Everyday Passover Food

Tajine with stewed vegetables and fish. One of the types of Moroccan national cuisine.
Kutredrig / iStock / Getty Images Plus

People know what to serve at Passover seders: gefilte fish, matzah ball soup, hard-boiled eggs and Bubbe’s brisket. But after consuming those fancy, filling meals, a whole week looms ahead, a time when people are both observing Passover and figuring out what to eat.

Adding to the challenge this year, there is widespread coronavirus, which has made meal planning during Passover more complicated. People are fearful of food shopping, so they visit supermarkets infrequently or rely on food delivery services, which are sometimes overwhelmed with demand. Due to sporadic shortages, ingredients are sometimes unavailable. I’ve learned to make substitutions.

Traditionally, I prefer foods during Passover that are lighter than typical seder dishes and more like the way I usually eat. I gravitate toward the Mediterranean diet, incorporating Sephardi cuisine into menus. I serve wholesome chicken and fish with fresh vegetables and fruit.

Over Passover’s eight days, I like light fare that may not be dressy enough for seders but is simply delicious.

Why is this Passover different than all other Passovers? Because with the COVID-19 pandemic, groceries are less accessible than usual. Therefore, many of the ingredients in the recipes below can be altered or adjusted as indicated.

Toasted Matzah and Olive Oil | Pareve

This is a tasty snack or hors d’oeuvre.

  • 2 tablespoons olive oil, or more, if needed
  • ¼ teaspoon garlic powder or onion powder
  • 2 squares of matzah, broken into 4 pieces (8 pieces in all)
  • Kosher salt to taste

Preheat your oven to 350 degrees. Line a baking sheet with aluminum foil. Arrange the matzah pieces on aluminum foil.

Place the olive oil and garlic or onion powder in a small pot. Heat over a medium-low flame until warm.

Slide the matzah into the oven. Bake for 2-3 minutes, or until warmed through and browning on the edges. Remove the matzah from the oven. Brush the olive oil mixture lightly on the matzah. Sprinkle with salt. Serve immediately.

Fish Tagine | Pareve

Serves 6-8

Moroccan Jews adore tagines, which are slow-cooked stews. This recipe is a main dish in one pot.

  • Nonstick vegetable spray or oil for coating
  • Kosher salt to taste
  • 4 potatoes, any kind, peeled and cut into ¼-inch slices
  • 6 (6-ounce) skinned fish fillets, such as snapper, halibut, cod or tilapia
  • 4 tomatoes, cut into ¼-inch slices, or use canned tomatoes
  • ⅓ teaspoon turmeric
  • 1 cup water
  • 2 lemons, cut into ¼-inch slices
  • 10 parsley sprigs or cilantro springs, finely chopped
  • 8 garlic cloves, minced
  • ¼ teaspoon white pepper, or use black pepper
  • 3 tablespoons olive oil, or any cooking oil

Coat a large Dutch oven with nonstick spray or oil. Sprinkle a little salt on the sliced potatoes, and arrange them in the bottom of the Dutch oven. They can overlap. Sprinkle a little salt on the fish fillets. Cover the potatoes with fish. Then add a layer of tomatoes.

Mix the turmeric into the water and pour it in. Cover the Dutch oven and simmer over a low flame, until the potatoes are slightly tender, about 15 minutes after the water comes to a simmer.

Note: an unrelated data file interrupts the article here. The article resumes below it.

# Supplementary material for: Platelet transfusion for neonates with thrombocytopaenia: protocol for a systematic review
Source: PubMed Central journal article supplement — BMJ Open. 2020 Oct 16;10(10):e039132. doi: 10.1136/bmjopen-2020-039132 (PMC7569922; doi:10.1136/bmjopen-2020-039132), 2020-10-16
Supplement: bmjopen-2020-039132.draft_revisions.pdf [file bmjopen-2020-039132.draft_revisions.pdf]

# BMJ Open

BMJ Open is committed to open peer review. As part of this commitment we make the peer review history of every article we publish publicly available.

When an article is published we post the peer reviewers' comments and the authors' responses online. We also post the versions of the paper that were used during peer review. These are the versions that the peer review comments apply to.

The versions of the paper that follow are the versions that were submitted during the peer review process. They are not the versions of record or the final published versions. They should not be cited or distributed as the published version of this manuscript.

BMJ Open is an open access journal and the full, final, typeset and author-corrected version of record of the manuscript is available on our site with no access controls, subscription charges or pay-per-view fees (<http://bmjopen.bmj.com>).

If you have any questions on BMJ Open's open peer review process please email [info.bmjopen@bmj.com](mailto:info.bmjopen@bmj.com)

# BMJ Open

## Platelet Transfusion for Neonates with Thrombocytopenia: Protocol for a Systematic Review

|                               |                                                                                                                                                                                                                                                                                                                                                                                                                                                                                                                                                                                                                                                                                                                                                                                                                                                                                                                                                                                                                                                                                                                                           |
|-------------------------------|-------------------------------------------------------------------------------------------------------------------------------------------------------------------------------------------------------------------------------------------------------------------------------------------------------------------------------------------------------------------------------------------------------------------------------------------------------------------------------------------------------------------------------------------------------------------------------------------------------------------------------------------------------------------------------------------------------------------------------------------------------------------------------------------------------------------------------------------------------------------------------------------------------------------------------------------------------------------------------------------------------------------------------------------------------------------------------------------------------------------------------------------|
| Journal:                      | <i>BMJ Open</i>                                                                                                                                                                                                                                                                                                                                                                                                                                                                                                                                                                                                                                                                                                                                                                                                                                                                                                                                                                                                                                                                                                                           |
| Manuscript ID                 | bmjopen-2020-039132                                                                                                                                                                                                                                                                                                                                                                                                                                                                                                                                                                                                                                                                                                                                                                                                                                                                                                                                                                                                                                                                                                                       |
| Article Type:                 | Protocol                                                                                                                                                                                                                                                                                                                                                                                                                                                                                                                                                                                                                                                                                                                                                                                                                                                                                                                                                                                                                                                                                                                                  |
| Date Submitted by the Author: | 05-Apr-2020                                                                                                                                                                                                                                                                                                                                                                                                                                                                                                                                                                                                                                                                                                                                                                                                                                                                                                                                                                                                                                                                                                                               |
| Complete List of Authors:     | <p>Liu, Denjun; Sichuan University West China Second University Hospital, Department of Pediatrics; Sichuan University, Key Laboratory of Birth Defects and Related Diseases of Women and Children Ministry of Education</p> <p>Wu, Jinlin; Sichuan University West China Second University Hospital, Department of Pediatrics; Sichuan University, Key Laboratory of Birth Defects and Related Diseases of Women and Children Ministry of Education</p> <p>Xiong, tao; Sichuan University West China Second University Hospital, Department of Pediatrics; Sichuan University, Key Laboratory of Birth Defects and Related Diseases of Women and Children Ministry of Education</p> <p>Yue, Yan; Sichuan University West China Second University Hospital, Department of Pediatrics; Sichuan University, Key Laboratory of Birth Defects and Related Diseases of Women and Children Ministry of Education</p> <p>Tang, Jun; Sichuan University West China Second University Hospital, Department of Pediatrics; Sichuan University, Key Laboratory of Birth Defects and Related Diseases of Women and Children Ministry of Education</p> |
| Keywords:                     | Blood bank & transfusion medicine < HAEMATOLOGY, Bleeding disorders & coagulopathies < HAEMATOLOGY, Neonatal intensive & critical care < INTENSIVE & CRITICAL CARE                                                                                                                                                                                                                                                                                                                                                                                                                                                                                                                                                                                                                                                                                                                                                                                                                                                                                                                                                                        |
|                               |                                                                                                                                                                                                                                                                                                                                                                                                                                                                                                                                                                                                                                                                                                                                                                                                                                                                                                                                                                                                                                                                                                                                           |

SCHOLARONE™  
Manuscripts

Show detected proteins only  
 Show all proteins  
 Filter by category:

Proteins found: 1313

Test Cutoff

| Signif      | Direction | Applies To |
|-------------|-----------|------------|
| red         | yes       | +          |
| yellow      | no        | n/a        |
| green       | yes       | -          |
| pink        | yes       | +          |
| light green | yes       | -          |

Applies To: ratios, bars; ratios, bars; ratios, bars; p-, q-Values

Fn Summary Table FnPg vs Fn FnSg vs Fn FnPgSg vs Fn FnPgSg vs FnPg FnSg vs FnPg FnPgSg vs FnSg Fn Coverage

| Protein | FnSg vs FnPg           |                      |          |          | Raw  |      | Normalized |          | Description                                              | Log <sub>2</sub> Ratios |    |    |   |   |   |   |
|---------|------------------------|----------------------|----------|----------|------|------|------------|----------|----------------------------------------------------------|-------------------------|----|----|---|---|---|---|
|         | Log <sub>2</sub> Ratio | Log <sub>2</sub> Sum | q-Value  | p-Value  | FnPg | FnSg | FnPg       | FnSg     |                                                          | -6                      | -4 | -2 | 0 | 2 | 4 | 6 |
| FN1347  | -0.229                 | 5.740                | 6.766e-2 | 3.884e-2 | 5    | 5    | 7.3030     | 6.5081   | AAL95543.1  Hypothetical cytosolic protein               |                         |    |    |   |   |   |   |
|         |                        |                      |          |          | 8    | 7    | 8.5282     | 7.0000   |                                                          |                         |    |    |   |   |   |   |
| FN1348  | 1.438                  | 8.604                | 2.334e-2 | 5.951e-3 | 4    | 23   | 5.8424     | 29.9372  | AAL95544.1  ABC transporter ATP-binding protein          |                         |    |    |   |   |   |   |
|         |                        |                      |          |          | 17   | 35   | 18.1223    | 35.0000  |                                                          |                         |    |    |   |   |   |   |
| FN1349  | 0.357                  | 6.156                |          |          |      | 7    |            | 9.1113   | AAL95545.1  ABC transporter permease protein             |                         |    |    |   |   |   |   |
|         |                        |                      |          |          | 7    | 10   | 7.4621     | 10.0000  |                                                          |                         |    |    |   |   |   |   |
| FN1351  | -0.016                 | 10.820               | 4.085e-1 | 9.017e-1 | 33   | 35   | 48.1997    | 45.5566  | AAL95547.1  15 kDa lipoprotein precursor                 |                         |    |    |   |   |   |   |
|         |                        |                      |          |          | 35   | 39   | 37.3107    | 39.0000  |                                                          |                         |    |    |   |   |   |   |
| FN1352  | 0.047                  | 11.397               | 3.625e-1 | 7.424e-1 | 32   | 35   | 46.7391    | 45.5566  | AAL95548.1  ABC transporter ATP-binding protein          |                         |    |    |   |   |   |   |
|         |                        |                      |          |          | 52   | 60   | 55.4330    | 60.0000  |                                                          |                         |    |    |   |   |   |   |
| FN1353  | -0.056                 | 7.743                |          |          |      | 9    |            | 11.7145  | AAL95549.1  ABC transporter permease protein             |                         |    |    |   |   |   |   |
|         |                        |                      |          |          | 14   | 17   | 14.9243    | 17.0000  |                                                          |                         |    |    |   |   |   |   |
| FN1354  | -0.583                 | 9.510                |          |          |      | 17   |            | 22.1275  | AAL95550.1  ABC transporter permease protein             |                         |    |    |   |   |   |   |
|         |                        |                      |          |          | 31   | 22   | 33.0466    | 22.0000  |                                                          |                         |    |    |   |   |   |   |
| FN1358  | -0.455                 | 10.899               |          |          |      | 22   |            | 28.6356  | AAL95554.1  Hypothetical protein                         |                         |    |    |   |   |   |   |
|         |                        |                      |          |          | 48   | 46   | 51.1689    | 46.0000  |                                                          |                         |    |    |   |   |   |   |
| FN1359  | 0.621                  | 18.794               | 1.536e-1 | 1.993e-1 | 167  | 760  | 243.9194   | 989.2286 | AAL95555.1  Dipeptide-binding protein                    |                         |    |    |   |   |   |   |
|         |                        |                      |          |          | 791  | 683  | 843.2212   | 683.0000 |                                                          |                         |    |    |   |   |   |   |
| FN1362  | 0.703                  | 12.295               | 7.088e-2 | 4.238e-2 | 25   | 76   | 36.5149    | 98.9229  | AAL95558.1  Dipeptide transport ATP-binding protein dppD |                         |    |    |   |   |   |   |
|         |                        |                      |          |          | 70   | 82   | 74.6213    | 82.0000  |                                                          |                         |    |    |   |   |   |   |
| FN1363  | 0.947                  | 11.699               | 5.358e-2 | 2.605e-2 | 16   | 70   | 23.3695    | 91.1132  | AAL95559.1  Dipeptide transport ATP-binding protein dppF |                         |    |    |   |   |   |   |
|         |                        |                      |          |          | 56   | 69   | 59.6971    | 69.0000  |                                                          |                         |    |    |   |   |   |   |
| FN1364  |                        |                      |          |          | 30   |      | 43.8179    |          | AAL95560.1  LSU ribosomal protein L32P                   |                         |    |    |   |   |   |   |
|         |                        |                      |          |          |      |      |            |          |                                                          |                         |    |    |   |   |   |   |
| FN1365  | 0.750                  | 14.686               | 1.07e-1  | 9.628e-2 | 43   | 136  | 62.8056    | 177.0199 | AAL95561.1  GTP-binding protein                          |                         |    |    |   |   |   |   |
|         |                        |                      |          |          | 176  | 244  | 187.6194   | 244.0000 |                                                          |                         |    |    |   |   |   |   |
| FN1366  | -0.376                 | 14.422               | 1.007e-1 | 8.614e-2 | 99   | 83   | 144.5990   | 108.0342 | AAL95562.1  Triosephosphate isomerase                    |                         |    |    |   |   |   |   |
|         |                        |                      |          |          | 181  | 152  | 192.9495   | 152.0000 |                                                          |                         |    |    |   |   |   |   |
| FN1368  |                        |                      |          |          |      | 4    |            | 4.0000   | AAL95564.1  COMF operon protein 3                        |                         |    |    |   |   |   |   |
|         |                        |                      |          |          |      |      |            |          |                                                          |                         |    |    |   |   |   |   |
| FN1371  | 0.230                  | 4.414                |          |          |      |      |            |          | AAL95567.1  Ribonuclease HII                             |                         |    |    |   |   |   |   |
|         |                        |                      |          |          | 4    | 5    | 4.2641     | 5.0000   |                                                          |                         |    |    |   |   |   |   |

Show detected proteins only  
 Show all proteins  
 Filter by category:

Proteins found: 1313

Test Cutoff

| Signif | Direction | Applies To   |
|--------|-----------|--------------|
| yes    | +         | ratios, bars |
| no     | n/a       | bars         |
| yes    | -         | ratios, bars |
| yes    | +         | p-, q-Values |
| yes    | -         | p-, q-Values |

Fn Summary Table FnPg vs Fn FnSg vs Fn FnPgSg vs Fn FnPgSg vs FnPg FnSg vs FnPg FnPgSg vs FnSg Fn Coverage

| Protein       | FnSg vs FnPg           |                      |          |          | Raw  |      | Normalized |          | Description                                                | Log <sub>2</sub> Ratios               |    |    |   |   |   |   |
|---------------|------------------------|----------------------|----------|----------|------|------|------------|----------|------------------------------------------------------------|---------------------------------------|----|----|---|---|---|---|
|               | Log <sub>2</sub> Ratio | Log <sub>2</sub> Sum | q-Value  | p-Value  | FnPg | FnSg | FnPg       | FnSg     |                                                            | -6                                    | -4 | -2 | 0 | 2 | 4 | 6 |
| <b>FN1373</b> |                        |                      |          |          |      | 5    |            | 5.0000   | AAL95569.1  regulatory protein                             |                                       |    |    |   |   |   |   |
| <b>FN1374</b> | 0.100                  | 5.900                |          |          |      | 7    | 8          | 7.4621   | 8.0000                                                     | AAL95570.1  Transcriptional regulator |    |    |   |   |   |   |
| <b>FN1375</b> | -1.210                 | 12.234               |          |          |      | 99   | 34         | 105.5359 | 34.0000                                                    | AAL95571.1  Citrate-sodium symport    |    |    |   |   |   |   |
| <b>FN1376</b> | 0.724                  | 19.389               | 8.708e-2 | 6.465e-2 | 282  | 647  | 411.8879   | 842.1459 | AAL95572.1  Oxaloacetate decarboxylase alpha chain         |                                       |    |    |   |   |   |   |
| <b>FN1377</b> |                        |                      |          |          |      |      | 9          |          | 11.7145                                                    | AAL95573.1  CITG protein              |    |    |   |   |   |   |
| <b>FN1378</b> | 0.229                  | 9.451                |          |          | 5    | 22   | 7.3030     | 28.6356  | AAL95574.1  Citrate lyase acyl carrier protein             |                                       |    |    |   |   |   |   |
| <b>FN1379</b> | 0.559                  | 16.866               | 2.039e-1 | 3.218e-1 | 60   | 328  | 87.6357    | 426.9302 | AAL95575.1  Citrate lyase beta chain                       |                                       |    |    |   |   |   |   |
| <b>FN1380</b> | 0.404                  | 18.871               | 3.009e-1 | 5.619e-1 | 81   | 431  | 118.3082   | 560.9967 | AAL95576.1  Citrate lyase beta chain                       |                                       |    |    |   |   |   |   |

Squeeze a couple of lemon slices over the top. Sprinkle in the parsley, garlic and pepper. Cover and simmer until the fish is flaky, about 20 minutes. Spoon olive oil over the dish. Place the remaining lemon slices over the top and serve immediately.

Ratatouille | Pareve

Yield: 8 servings

This Provençal vegetable medley is as healthy as it is delicious.

  • 2 medium eggplants, skinned and cut into 1-inch cubes
  • ½ pound mushrooms, sliced. Use canned mushrooms if fresh ones are unavailable.
  • Olive oil, as needed, or use any cooking oil
  • Salt and pepper to taste
  • 2 medium zucchini or yellow squash, diced
  • 1 medium onion, diced
  • 3 cloves garlic, minced
  • 4 plum tomatoes, diced, or used canned tomatoes
  • 1 teaspoon thyme leaves, crushed
  • 1 teaspoon lemon juice
  • 1 tablespoon balsamic vinegar, or any vinegar on hand

In a large saucepan, sauté the eggplant and mushrooms in olive oil over a medium flame. Sprinkle with salt and pepper. Stir until lightly browned. Add the zucchini, onion, garlic and tomatoes. Stir until the vegetables soften, about 20 minutes. Add more oil, if needed.

Sprinkle in the thyme. Add the lemon juice and vinegar, mixing well.

Serve hot or at room temperature. Or refrigerate covered for up to 2 days and serve hot or cold.

Sephardi-Style Macaroons | Pareve

Yield: 36 cookies

Instead of vanilla, this recipe is traditionally made with rosewater or orange blossom water, which are often too assertive for Ashkenazi tastes.

Equipment: food processor, 3 baking sheets, 3 pieces of parchment paper and an electric mixer


  • 3 cups blanched slivered almonds
  • 1 cup sugar
  • 3 egg whites
  • 1 teaspoon vanilla, orange extract or lemon extract

Preheat your oven to 350 degrees. Cover the baking sheets with parchment paper.

Place the almonds in the bowl of a food processor fitted with the metal blade. Process the almonds until they are ground fine, like coarse sand. Move them to a large mixing bowl. Add the sugar, egg whites and vanilla or lemon or orange extract. Using an electric mixer, mix the ingredients until well combined.

Drop the mixture from a teaspoon onto the baking sheets. Leaving space between cookie dough, there should be 12 cookies on each sheet.

Bake for 12 to 15 minutes, until lightly golden brown. The cookies will be soft when removed from the oven, which guarantees a chewy texture. Cool for 2 minutes on cookie sheets and move them to platters until they reach room temperature. Serve immediately or move the cookies to containers with a strong seal. This recipe freezes well.


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